Registration of Copyright Works in Oman in 2016

Unlike patents and trade marks, copyright works do not need to be registered to acquire protection in Oman. However, the government still provides a mechanism for registration to those who wish to do so. This does not grant those who register with any special legal rights, but, in theory at least, it can provide additional evidence in case the ownership or the existence of a work is contested. Once or twice a year, the Ministry of Commerce and Industry (MOCI) publishes in the Official Gazette the details of the works that have been deposited for copyright registration. In 2016, MOCI published only one list in Official Gazette issue no 1158. I took a look at this list to see how many works were registered this year, by who, and for what kind of works.

The total number of copyright works that were deposited with MOCI in 2016 is 106 works. This is significantly lower than the number of trade marks that are registered (usually in the hundreds), but also significantly higher than the number of patents granted in Oman (usually a handful – more on this in an upcoming post). The breakdown of the kind of author for which the work is registered can be seen in the chart below.

The majority of registered copyright works in Oman are created by an individual author (78 works). These authors are most likely not affiliated with any institution. A small minority of works are created by a group of authors (6 works), the smallest of these groups is made up of two authors, while the largest of these groups is made up of nine authors. The remaining registered works (22 works) have been registered in the name of legal entities such companies and civil society associations (in one case it was SQU).

The registration details published by MOCI do not provide nationality details, but it is easy to guess the nationality of the author by looking at his or her name. All the works that were registered by institutions and by groups of authors were registered by Omani institutions or by groups of Omani authors, however, for individual authors, 28% of them (i.e. 22 out of the 78) were registered by non-Omanis. The names of these authors appear to be Arab and some registered works relate to Arab countries with strong cultural/academic presence in Oman such as Egypt and Morocco.

In an upcoming post, I will show how those who apply for patent protection are interestingly mostly not Omani, while those who apply for copyright protection are mostly Omani.

Again, the registration information published by the MOCI does not include the details on whether the author is male or female, but it is very easy to figure this out from the name of the author. In relation to individual authors, 76% (i.e. 59 out of the 78 authors) are male, while 24% are female. This includes both Omani and non-Omani authors. If you count only Omani authors, the percentage of female authors goes up to 30%, and if you count the actual authors and not the works of these authors (in other words remove authors with multiple registrations), the percentage of female authors goes up to 35%. So the majority of authors are male, but female Omani authors are a significant percentage.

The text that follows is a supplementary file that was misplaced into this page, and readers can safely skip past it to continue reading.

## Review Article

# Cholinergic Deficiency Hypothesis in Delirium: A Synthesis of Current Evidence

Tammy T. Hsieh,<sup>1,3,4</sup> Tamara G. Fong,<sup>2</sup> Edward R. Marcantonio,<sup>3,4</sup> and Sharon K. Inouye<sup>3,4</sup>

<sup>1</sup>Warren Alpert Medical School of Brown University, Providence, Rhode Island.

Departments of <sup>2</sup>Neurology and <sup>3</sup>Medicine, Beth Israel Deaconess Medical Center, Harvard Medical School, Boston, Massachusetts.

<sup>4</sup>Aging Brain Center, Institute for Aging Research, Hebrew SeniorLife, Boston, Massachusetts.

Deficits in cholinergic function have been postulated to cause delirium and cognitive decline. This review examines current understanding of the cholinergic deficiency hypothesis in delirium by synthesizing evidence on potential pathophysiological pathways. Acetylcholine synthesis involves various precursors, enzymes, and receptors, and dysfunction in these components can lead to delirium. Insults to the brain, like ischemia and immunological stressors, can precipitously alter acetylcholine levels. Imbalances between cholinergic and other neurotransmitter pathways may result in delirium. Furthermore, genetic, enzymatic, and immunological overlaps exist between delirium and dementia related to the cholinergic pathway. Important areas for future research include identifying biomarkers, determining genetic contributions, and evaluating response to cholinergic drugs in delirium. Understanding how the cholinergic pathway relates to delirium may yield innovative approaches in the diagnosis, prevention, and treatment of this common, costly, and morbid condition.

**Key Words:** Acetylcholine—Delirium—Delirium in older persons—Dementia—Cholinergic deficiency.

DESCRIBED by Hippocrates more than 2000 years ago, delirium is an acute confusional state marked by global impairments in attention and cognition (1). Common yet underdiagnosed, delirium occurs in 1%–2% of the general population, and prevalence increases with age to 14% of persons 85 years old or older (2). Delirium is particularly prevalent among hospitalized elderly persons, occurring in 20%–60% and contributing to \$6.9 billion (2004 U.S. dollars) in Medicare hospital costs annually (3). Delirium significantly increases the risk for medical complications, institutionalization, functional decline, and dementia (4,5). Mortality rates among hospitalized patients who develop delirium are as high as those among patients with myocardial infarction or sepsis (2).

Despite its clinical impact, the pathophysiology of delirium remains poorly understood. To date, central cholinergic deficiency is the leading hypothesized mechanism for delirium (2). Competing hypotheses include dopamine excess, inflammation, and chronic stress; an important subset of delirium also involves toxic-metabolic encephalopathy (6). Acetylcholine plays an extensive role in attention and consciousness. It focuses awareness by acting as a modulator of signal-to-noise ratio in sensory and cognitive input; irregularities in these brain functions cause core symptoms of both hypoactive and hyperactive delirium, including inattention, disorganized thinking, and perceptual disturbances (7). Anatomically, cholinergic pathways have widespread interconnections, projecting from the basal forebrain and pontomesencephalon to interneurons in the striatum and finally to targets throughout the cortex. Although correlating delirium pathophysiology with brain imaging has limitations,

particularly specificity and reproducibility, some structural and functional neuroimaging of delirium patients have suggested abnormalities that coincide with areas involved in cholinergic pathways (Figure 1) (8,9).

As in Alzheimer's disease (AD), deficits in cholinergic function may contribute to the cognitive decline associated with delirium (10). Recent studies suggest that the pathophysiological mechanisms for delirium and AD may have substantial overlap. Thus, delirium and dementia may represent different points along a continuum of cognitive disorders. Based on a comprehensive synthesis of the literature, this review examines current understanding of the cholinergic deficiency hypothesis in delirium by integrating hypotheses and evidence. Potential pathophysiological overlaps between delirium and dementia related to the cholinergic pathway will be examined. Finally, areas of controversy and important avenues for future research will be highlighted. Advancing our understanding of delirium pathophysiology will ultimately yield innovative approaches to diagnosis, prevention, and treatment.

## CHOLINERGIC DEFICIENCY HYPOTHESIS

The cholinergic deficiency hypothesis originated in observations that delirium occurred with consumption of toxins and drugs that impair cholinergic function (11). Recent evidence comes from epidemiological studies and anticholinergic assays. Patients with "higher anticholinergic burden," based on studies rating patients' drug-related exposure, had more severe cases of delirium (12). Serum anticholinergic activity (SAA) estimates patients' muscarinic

It is difficult to determine with confidence what kind of works were actually registered because the list includes only the name of the work and the medium in which it was deposited, but by looking at the list it appears to include a variety of things such as academic books, short stories, films, musical works, and mobile phone applications.

The list also shows items that were deposited for copyright protection even though copyright protection does not provide the kind of protection the creators of these works desire. For example, a company registered a Halwa pot with a unique shape for copyright protection when it should have registered it as an industrial design instead. Similarly, several people registered ‘feasibility studies’ for certain projects. This suggests that these people assume that they can protect the ideas in these studies through copyright protection when copyright cannot be used to stop others from using the ideas in a protected work. In fact, there is no form of intellectual property that protects ideas per se, except confidentiality information if you consider that as a form of intellectual property.

Another interesting aspect of the list of registered copyright works is that it includes no recognised works, persons, or companies. The list of registered trade marks in Oman always includes recognised brands, even from companies that do not have any presence in Oman and have no short term plans to enter the Omani market. This is probably because major companies have lawyers and they are fully aware that copyright protection is not actually required to acquire protection (unlike trade marks and patents).

MOCI gives each registered work a unique sequential serial number, they are currently at 2800, which means that they have registered 2800 works since they started registering copyright works (certainly after 1996 when the first copyright law was issued). This is a clear evidence that Omani men and women care about their intellectual property rights and many individuals, not only companies, think that they should be entitled to stop others from copying their works. I do not know if there is any evidence though that these registrations are used for anything or if the works registered are actually commercialised at the end.

I will share in an upcoming post details about patent registration in Oman to show how completely different it is from registration of copyright works in Oman.